New on Festival Bytes: A temporary utopian space

28 June 2013

“A festival is a complex animal. You are dealing with people; you are dealing with a city; you are dealing with logistics; you are dealing with political changes; you are dealing with fluctuating income and budgets coming from different sources of funding with different priorities at different times,” said Lucy Neal in a conversation with Rose Fenton who entered the festival business when they co-founded the London International Festival of Theatre (LIFT) in 1981, which is still up and running. In the interview for the latest publication by the European Festivals Association (EFA) “Inside/Insight Festivals. 9 Festival Directors — 9 Stories”, they explore, amongst other issues, how they overcame the sense of a “little England” by introducing theatre as a way to discuss, challenge and change society, to bring the world to London and explore the world in London and its connections with the world.

Naseem Khan: LIFT was a very new sort of arrival on the festivals scene. Can we explore how it all started — what fed the idea? Let’s go back to the days when the two of you first met, as students at Warwick University; I imagine you were both studying theatre?

Lucy Neal: I did English and Italian in fact. It had never occurred to me to study theatre because I’d always had theatre in my life. My mother taught drama and was constantly directing a play, so my childhood was immersed in that. But all my theatre activity was extra-curricular at university and fairly dominant for all the four years I was there. Rose Fenton: I was studying Theatre, English, and Italian. I had deliberately chosen Warwick because of its emphasis on languages and its international outlook. As someone who had spent a lot of my childhood travelling and living in Europe, I was becoming increasingly aware of a “Little England” attitude around me. So Warwick provided exactly the kind of oxygen I needed.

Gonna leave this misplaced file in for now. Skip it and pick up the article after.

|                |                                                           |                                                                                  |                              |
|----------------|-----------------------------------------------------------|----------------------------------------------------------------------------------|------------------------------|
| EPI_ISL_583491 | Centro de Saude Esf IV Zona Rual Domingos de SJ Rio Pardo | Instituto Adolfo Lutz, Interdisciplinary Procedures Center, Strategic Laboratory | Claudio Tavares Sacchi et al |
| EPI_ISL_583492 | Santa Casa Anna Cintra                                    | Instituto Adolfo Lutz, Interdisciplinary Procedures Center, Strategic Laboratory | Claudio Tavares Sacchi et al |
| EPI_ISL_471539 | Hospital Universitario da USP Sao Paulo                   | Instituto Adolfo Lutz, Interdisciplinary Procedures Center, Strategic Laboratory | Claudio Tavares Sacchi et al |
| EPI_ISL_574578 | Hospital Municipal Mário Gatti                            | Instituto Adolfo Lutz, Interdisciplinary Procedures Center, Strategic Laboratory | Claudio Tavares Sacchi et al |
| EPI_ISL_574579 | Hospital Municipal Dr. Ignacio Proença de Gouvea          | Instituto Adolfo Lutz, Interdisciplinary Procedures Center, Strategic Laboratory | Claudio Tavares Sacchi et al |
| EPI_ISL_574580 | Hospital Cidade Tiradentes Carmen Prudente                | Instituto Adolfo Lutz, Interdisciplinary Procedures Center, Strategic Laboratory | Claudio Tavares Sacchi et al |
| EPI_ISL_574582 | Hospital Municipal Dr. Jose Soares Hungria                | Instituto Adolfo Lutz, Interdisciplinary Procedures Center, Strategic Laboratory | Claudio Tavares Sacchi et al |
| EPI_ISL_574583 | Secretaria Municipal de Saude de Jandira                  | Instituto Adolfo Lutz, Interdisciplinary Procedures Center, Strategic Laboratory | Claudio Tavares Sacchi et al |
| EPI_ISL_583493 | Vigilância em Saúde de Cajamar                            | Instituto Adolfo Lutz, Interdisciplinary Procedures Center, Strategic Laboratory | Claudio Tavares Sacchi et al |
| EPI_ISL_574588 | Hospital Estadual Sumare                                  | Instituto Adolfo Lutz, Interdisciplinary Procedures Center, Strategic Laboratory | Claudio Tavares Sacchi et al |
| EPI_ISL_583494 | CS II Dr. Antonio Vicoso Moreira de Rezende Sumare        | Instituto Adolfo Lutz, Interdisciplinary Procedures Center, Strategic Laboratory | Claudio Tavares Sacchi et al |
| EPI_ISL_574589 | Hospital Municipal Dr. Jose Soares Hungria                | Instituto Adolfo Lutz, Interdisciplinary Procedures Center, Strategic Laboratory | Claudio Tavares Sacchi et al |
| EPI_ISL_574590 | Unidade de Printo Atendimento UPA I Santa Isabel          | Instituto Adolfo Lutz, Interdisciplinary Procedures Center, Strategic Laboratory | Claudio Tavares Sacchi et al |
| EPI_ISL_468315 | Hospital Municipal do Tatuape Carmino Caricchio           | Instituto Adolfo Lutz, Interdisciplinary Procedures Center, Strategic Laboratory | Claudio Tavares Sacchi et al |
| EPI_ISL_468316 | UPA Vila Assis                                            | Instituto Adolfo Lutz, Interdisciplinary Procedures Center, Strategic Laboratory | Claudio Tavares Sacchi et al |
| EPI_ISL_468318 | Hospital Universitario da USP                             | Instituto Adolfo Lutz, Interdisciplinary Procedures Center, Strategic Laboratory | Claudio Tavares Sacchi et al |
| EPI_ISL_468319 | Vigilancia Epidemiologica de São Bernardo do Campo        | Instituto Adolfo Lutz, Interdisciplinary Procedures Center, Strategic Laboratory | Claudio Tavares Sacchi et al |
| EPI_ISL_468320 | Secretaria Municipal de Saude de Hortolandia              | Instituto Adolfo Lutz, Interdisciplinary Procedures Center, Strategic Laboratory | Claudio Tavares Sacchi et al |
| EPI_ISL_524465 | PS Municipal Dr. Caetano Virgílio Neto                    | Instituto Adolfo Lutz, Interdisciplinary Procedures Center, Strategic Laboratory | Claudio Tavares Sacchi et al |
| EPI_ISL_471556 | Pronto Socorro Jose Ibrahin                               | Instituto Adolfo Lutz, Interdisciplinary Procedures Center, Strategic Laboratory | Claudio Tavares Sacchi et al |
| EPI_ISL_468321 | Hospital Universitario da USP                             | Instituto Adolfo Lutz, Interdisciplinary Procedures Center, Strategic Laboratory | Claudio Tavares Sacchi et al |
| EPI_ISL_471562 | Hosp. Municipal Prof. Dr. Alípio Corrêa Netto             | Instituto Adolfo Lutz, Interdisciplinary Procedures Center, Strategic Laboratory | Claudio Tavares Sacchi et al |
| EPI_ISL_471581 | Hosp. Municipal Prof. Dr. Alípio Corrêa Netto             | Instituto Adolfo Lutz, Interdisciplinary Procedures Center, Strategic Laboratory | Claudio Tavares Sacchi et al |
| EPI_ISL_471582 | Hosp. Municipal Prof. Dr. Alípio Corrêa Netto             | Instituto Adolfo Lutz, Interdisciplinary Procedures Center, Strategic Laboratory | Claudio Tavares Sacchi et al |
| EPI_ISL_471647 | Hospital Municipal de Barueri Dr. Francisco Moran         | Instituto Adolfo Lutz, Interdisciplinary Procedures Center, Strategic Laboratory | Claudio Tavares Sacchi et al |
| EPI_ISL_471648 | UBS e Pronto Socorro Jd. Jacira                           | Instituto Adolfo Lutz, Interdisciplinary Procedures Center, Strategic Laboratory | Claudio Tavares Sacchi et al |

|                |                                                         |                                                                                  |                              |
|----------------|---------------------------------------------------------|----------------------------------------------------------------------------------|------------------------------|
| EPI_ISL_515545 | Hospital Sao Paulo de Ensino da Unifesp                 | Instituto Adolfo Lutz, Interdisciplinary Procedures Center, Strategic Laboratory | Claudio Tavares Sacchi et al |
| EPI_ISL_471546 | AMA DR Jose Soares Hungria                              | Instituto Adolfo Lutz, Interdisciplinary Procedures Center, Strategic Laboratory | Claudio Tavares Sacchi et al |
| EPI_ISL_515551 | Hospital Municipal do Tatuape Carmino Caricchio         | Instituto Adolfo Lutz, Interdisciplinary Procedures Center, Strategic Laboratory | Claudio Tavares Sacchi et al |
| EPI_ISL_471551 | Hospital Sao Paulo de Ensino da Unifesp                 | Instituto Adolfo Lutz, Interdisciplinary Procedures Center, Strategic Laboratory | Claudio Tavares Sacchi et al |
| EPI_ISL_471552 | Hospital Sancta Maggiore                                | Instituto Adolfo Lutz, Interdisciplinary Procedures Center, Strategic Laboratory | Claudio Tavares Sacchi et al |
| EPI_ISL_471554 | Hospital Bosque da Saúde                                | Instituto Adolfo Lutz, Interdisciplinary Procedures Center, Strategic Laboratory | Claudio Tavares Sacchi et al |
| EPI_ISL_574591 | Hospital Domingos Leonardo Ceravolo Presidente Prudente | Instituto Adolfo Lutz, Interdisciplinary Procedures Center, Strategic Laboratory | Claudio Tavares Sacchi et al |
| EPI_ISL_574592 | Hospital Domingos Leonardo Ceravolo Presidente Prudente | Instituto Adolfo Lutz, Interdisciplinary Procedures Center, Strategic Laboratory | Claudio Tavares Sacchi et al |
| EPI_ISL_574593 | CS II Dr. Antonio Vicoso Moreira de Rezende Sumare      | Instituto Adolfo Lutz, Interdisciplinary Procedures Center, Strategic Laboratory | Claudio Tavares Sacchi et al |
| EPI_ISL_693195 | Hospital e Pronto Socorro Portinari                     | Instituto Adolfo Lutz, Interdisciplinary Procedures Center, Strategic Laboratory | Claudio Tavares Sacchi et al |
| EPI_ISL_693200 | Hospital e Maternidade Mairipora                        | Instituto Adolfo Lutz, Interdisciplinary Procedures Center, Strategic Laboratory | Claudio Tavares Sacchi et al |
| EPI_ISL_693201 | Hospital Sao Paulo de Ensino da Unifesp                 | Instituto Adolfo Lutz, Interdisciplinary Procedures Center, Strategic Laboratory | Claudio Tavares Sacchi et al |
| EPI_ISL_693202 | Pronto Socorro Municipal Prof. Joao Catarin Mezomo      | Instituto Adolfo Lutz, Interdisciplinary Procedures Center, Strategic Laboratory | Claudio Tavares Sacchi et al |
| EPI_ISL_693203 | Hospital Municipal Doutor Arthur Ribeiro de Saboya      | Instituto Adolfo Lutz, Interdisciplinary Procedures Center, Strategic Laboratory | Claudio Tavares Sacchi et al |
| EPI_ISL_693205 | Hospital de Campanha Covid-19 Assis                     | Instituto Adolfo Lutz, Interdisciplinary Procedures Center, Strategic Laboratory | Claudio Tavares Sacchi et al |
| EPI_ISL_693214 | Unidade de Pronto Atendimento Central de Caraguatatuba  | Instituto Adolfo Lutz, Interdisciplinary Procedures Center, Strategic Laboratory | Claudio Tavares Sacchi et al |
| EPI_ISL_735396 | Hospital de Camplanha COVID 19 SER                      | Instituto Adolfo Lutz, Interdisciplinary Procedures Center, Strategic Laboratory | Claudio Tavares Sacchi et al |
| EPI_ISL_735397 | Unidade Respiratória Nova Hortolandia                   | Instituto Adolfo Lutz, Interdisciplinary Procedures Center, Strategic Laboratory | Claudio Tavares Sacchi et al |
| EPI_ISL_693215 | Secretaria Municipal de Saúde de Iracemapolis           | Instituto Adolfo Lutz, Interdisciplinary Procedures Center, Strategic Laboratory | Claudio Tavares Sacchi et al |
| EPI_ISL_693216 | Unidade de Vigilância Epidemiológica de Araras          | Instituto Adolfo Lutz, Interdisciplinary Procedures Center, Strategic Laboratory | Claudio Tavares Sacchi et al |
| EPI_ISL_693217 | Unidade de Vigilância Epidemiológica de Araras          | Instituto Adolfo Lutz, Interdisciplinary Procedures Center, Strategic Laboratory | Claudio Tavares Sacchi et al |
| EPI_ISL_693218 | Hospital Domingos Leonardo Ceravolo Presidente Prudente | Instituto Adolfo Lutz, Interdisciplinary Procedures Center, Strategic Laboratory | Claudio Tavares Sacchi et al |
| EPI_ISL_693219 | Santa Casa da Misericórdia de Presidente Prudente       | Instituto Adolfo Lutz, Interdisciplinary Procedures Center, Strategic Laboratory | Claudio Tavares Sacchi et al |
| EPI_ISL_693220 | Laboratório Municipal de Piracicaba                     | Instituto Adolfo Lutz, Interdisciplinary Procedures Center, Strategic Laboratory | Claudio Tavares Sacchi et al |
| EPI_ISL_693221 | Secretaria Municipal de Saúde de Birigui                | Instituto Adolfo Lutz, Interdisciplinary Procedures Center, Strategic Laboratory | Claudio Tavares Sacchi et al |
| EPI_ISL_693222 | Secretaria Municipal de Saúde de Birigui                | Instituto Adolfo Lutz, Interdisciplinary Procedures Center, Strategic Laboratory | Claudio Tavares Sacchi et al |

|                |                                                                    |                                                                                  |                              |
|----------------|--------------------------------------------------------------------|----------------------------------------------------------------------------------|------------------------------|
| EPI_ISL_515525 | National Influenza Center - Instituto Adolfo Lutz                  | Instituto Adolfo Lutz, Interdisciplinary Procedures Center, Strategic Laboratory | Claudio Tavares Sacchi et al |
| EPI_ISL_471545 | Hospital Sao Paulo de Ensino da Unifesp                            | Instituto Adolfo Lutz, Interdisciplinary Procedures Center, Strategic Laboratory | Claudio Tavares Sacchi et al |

Naseem: It sounds as if Warwick was instrumental in shaping what LIFT turned out to be, a few years later.

Lucy: Yes, it broadened our ideas about what theatre could be because of all the experimental touring groups that came to Warwick’s Arts Centre at that time. We had Pip Simmons, The People Show and the London International Mime Festival, Joint Stock that was started by Max Stafford-Clark, Ballet Rambert too and Hull Truck shows. I remember being completely pulled in, and thinking, “This is my world! This is what I am part of!” We could have been at the centre of a little theatre metropolis at Warwick. It was a very key blessing of the time.

Rose Fenton: We would often talk to companies in the bar afterwards, many of whom would tell us about the artists they would meet on their international tours, making work which inspired them — work that we longed to see.

Lucy: And then in 1978 we took part in a student theatre festival in Coimbra, Portugal, and we saw for ourselves what was going on in mainland Europe, and wanted to share it with people back home. Seeing how the festival was put together gave us the idea to create a festival ourselves.